What You Discover from Working with Refugees

A few weeks ago, I volunteered at “Refugee Adjustment Day” at Catholic Charities here in Portland Oregon. Newly-arrived refugees to the U.S. need to apply for permanent residence (green cards) and the paperwork would be daunting even for native English speakers. Understandably, hundreds of refugee families showed up at our temporary legal clinic to get some help. Our team immediately realized we had to work extra hard and fast to have a chance of assisting even half of those who had arrived.

Attorneys were seated at round tables spread throughout the building. We were armed with laptops and an internet connection. We actually felt excited to attack the lengthy forms required by U.S. Citizenship and Immigration Services (USCIS).

The first family arrived at my table — a mother and father in their late forties along with a son in junior high and a daughter just starting high school. They were all unfailingly polite, friendly and energetic. They were from Iraq and had spent the last ten years at a refugee camp in Lebanon.

As I filled out their biographic data forms I learned intriguing details about their past, where they had worked, and where they had lived. The father had owned a clothing store for children in Baghdad until 2004. I didn’t have the time to ask for further details but I clearly understood that the end date of his store coincided with the start date of U.S.-led Operation Iraqi Freedom. It was an unpleasant feeling to know that my country had invaded their country and everything changed for them. I don’t know if this family is happy overall to be rid of the dictator who ruled them for decades. However, I do know that they lost their home and their business and fled to a nearby country for a decade.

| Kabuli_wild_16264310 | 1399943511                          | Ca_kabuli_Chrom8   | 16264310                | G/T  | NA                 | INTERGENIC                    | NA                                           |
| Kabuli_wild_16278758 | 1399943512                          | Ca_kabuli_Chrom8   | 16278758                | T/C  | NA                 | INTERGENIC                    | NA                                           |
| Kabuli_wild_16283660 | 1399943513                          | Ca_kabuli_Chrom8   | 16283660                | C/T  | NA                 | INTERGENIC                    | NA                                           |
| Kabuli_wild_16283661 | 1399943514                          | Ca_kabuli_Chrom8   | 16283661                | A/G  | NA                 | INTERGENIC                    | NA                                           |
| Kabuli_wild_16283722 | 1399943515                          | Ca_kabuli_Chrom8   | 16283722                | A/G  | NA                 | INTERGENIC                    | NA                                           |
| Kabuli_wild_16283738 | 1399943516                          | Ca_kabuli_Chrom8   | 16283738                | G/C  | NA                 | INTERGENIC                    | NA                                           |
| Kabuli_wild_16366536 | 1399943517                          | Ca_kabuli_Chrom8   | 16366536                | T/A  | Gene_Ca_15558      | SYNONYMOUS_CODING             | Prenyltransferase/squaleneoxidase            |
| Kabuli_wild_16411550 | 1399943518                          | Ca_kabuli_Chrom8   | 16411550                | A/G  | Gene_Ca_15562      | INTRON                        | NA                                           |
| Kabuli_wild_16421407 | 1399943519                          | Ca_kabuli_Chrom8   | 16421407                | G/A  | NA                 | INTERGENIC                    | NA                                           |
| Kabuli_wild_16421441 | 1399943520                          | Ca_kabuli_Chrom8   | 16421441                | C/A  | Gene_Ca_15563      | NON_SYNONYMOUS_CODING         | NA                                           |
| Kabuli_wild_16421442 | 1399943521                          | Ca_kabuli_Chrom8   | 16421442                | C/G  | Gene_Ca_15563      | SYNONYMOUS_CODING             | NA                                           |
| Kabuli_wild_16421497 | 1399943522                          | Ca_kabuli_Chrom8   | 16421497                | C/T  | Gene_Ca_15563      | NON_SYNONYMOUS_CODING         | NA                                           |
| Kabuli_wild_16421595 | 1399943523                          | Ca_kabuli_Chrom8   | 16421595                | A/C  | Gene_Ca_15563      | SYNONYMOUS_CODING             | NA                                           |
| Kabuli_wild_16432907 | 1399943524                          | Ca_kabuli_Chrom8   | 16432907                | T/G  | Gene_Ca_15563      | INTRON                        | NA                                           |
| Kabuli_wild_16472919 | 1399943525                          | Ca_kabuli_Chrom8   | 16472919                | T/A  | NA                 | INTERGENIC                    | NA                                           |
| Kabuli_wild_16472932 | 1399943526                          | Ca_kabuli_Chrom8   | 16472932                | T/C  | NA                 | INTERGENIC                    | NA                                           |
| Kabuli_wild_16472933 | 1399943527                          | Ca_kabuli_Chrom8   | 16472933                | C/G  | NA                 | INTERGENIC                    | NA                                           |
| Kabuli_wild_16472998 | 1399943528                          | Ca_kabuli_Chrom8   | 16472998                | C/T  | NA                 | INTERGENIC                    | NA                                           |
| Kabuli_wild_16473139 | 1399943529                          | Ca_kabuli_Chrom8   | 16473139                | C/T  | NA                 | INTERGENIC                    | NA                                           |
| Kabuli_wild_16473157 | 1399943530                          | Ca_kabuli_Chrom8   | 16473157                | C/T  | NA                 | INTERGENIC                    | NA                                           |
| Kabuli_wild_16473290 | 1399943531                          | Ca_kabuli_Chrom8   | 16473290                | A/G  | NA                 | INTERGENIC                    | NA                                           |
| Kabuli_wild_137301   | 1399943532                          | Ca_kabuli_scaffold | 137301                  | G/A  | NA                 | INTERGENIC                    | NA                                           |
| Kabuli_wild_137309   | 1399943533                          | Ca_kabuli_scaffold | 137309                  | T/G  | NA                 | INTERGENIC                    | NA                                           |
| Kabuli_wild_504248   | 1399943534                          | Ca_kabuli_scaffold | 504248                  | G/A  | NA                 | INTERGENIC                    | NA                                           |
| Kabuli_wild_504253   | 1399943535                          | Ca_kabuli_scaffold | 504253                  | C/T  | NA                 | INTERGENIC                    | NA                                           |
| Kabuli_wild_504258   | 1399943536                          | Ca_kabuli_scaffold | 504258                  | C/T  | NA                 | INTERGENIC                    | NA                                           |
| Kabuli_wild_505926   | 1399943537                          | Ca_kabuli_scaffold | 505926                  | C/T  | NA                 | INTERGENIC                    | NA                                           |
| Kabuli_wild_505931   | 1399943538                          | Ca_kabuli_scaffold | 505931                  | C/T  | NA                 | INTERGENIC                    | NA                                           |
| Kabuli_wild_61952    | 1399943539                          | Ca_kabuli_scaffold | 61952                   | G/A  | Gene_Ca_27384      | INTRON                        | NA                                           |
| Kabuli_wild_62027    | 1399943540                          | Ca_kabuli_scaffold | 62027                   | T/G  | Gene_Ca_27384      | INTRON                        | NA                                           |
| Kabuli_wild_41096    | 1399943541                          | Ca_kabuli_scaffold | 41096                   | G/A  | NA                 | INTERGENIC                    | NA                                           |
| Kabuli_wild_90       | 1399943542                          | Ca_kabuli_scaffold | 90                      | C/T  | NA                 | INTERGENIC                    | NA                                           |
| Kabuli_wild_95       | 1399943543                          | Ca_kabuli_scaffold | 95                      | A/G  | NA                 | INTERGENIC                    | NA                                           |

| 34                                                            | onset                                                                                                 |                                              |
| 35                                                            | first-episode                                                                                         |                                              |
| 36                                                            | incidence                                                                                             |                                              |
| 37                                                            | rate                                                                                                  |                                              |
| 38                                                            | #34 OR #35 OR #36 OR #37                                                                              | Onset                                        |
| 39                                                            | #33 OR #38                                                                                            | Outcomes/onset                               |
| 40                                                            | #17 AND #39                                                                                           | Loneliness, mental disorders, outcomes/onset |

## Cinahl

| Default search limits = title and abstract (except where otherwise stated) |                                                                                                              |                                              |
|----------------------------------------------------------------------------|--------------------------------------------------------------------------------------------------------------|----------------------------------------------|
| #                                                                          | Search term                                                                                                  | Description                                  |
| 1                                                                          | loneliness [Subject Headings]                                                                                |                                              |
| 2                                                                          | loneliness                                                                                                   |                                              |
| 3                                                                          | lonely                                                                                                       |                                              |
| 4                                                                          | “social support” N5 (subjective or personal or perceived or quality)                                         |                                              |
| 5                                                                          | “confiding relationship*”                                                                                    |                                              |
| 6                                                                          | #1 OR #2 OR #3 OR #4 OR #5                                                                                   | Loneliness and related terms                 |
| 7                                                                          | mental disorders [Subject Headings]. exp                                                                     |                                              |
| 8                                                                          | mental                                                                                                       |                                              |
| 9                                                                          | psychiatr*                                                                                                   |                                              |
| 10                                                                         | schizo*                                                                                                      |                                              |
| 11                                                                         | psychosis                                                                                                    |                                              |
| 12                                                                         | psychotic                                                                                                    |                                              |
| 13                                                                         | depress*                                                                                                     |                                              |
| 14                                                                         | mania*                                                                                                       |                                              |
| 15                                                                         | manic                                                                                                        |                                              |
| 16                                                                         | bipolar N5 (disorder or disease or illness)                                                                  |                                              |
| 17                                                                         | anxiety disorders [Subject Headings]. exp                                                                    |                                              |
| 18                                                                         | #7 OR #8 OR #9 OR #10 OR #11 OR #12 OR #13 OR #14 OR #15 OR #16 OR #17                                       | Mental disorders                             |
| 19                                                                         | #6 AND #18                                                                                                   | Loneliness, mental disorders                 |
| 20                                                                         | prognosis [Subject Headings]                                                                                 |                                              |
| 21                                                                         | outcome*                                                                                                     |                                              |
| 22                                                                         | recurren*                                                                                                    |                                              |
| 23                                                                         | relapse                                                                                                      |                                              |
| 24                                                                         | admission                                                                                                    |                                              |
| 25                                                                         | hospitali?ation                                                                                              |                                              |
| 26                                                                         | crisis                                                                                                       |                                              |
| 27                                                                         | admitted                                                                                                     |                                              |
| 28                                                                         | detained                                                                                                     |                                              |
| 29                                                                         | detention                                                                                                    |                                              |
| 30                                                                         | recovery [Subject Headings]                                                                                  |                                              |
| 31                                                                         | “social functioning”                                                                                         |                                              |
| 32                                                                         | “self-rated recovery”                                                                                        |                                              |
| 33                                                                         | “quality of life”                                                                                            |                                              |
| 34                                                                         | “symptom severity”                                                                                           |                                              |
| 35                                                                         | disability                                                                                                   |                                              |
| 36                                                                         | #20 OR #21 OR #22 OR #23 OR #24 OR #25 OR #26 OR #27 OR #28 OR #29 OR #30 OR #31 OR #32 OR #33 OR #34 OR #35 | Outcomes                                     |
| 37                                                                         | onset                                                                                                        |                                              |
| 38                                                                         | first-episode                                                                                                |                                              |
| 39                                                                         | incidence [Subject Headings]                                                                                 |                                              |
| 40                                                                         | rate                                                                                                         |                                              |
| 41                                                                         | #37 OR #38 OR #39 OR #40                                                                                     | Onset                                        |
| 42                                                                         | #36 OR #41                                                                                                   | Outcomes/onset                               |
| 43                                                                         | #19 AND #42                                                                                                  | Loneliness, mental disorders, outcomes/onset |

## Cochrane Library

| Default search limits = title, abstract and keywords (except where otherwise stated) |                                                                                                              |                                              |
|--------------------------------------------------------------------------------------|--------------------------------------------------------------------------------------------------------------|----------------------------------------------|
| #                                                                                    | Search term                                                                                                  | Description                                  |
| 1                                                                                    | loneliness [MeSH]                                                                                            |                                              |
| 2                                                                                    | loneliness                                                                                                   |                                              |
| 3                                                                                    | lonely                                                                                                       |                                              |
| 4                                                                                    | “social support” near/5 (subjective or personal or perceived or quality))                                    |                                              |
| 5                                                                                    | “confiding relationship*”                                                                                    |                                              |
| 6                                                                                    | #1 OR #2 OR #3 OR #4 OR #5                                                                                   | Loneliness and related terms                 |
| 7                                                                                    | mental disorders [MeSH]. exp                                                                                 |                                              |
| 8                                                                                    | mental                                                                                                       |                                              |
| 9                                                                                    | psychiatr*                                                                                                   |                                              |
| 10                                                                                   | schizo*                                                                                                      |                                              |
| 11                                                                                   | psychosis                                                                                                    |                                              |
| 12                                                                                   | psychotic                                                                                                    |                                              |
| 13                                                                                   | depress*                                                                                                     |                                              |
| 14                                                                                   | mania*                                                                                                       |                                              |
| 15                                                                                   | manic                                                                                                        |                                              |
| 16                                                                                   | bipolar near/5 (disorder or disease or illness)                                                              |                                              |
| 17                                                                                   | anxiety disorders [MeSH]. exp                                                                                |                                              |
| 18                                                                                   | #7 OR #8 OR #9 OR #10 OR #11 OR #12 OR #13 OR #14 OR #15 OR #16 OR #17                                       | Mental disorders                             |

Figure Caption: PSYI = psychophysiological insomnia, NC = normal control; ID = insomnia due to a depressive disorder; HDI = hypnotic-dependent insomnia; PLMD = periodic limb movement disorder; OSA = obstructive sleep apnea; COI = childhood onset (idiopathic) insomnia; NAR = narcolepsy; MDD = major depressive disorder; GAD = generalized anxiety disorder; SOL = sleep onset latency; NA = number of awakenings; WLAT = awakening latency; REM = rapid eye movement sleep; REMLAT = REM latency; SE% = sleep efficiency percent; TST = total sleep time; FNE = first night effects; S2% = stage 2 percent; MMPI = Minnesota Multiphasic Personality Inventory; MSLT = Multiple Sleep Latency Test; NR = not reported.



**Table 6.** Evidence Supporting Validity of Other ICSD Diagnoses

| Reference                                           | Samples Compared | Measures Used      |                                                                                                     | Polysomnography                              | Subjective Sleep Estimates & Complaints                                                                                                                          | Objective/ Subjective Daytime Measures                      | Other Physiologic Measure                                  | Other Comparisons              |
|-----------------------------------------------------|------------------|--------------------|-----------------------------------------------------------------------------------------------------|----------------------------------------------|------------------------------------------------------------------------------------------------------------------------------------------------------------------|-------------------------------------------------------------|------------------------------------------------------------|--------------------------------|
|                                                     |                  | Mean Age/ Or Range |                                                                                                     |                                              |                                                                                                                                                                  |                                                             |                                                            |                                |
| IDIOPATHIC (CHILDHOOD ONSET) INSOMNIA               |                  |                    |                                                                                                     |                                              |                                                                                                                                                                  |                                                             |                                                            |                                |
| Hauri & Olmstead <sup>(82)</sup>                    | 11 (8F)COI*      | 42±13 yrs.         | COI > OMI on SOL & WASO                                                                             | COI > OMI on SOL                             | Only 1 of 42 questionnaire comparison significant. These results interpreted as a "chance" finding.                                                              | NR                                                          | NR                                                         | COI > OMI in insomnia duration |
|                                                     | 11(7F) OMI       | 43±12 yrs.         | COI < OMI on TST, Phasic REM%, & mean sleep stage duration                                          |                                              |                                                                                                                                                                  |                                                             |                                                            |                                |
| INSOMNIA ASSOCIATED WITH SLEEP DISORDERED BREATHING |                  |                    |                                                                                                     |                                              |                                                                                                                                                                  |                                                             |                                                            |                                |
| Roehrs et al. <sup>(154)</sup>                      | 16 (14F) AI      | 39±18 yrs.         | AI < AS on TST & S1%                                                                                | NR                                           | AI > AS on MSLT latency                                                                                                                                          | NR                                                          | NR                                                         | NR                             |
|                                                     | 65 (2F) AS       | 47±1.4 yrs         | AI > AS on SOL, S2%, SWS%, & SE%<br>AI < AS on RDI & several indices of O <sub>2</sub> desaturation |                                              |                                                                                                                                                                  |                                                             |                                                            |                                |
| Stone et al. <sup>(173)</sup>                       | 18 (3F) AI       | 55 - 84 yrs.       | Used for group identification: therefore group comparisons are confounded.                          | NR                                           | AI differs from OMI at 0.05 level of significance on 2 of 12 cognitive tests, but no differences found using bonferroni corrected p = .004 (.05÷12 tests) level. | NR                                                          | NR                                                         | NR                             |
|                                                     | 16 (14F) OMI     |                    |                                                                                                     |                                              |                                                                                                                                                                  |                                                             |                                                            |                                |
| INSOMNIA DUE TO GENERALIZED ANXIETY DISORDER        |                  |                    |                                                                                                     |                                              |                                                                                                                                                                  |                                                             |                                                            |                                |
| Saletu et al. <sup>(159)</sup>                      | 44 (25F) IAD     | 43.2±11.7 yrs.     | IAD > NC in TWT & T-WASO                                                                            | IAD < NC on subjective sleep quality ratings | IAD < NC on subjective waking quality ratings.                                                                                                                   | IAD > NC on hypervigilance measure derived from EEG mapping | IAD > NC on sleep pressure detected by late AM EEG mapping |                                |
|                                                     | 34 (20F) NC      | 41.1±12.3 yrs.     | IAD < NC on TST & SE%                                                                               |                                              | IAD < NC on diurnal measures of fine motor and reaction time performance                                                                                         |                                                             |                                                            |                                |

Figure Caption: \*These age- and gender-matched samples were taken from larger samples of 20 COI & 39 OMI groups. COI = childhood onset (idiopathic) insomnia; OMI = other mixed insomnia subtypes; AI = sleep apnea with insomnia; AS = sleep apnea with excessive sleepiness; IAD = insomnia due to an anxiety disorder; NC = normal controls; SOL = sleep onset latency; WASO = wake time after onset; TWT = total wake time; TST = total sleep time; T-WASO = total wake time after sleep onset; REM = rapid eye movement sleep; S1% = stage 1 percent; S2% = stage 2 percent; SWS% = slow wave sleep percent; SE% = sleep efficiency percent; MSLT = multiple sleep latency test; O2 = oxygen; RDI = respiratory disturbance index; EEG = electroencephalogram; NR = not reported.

International power politics in the Middle East is complex and the way forward is far from clear. But I’m glad that the U.S. took in this refugee family and thousands of others from Iraq as well. Since the decisions made by the U.S. and other great world powers have led to the displacement of huge numbers of people, it makes sense that we would open our doors to refugees from these countries. But even if we had never sought to influence this part of the world, assisting hurting people and welcoming them to our own home is simply the right, just, and kind thing to do.

As I finished the Iraqi family’s immigration forms, their mother thanked me with a smile and apologized that she had to rush out to go to work. It turns out she is back in the clothing business and works in retail sales at a local clothing chain. Both parents are working hard to save money to send their kids to college. Their family sees a bright path full of opportunity before them.

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